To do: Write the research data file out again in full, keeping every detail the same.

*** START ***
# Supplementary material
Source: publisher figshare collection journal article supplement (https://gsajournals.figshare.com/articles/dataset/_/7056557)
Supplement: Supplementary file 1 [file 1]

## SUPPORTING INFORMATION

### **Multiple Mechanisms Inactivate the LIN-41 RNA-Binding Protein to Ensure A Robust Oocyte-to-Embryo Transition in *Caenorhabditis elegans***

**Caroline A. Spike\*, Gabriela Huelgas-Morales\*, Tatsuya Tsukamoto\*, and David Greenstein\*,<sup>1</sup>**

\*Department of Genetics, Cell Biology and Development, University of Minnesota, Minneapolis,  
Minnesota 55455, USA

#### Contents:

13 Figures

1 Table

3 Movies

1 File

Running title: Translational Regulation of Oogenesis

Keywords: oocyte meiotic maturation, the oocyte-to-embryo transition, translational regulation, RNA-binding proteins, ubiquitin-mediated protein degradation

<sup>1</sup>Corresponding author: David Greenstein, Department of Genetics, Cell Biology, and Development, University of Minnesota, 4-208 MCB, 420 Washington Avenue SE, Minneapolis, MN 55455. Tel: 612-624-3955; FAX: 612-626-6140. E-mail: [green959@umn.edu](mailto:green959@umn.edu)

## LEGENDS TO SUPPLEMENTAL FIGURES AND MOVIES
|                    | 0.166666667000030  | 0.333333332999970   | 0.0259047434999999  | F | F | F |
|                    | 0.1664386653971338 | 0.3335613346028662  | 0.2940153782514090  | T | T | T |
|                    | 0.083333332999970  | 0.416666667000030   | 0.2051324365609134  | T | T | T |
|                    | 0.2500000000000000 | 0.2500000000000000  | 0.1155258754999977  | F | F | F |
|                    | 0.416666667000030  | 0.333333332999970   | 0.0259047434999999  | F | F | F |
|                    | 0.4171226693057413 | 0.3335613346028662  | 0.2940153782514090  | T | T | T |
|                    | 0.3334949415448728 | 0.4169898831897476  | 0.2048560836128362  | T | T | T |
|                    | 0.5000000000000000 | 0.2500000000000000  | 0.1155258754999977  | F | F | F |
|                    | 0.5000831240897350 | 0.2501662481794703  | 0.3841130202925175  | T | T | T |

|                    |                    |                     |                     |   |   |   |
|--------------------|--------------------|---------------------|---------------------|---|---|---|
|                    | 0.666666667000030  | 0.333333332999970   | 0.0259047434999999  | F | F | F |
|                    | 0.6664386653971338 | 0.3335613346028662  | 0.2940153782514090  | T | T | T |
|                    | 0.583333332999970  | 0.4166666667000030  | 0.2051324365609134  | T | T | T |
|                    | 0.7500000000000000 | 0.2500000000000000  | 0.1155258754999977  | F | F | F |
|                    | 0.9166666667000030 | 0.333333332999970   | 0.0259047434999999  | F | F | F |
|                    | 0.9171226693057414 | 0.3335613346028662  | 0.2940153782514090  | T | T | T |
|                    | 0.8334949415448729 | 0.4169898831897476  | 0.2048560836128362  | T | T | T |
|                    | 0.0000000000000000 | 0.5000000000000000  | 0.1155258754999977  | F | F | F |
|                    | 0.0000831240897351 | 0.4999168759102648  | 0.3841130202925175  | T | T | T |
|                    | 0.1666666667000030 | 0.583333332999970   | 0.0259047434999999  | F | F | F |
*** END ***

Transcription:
# Supplementary material
Source: publisher figshare collection journal article supplement (https://gsajournals.figshare.com/articles/dataset/_/7056557)
Supplement: Supplementary file 1 [file 1]

## SUPPORTING INFORMATION

### **Multiple Mechanisms Inactivate the LIN-41 RNA-Binding Protein to Ensure A Robust Oocyte-to-Embryo Transition in *Caenorhabditis elegans***

**Caroline A. Spike\*, Gabriela Huelgas-Morales\*, Tatsuya Tsukamoto\*, and David Greenstein\*,<sup>1</sup>**

\*Department of Genetics, Cell Biology and Development, University of Minnesota, Minneapolis,  
Minnesota 55455, USA

#### Contents:

13 Figures

1 Table

3 Movies

1 File

Running title: Translational Regulation of Oogenesis

Keywords: oocyte meiotic maturation, the oocyte-to-embryo transition, translational regulation, RNA-binding proteins, ubiquitin-mediated protein degradation

<sup>1</sup>Corresponding author: David Greenstein, Department of Genetics, Cell Biology, and Development, University of Minnesota, 4-208 MCB, 420 Washington Avenue SE, Minneapolis, MN 55455. Tel: 612-624-3955; FAX: 612-626-6140. E-mail: [green959@umn.edu](mailto:green959@umn.edu)

## LEGENDS TO SUPPLEMENTAL FIGURES AND MOVIES
|                    | 0.166666667000030  | 0.333333332999970   | 0.0259047434999999  | F | F | F |
|                    | 0.1664386653971338 | 0.3335613346028662  | 0.2940153782514090  | T | T | T |
|                    | 0.083333332999970  | 0.416666667000030   | 0.2051324365609134  | T | T | T |
|                    | 0.2500000000000000 | 0.2500000000000000  | 0.1155258754999977  | F | F | F |
|                    | 0.416666667000030  | 0.333333332999970   | 0.0259047434999999  | F | F | F |
|                    | 0.4171226693057413 | 0.3335613346028662  | 0.2940153782514090  | T | T | T |
|                    | 0.3334949415448728 | 0.4169898831897476  | 0.2048560836128362  | T | T | T |
|                    | 0.5000000000000000 | 0.2500000000000000  | 0.1155258754999977  | F | F | F |
|                    | 0.5000831240897350 | 0.2501662481794703  | 0.3841130202925175  | T | T | T |

|                    |                    |                     |                     |   |   |   |
|--------------------|--------------------|---------------------|---------------------|---|---|---|
|                    | 0.666666667000030  | 0.333333332999970   | 0.0259047434999999  | F | F | F |
|                    | 0.6664386653971338 | 0.3335613346028662  | 0.2940153782514090  | T | T | T |
|                    | 0.583333332999970  | 0.4166666667000030  | 0.2051324365609134  | T | T | T |
|                    | 0.7500000000000000 | 0.2500000000000000  | 0.1155258754999977  | F | F | F |
|                    | 0.9166666667000030 | 0.333333332999970   | 0.0259047434999999  | F | F | F |
|                    | 0.9171226693057414 | 0.3335613346028662  | 0.2940153782514090  | T | T | T |
|                    | 0.8334949415448729 | 0.4169898831897476  | 0.2048560836128362  | T | T | T |
|                    | 0.0000000000000000 | 0.5000000000000000  | 0.1155258754999977  | F | F | F |
|                    | 0.0000831240897351 | 0.4999168759102648  | 0.3841130202925175  | T | T | T |
|                    | 0.1666666667000030 | 0.583333332999970   | 0.0259047434999999  | F | F | F |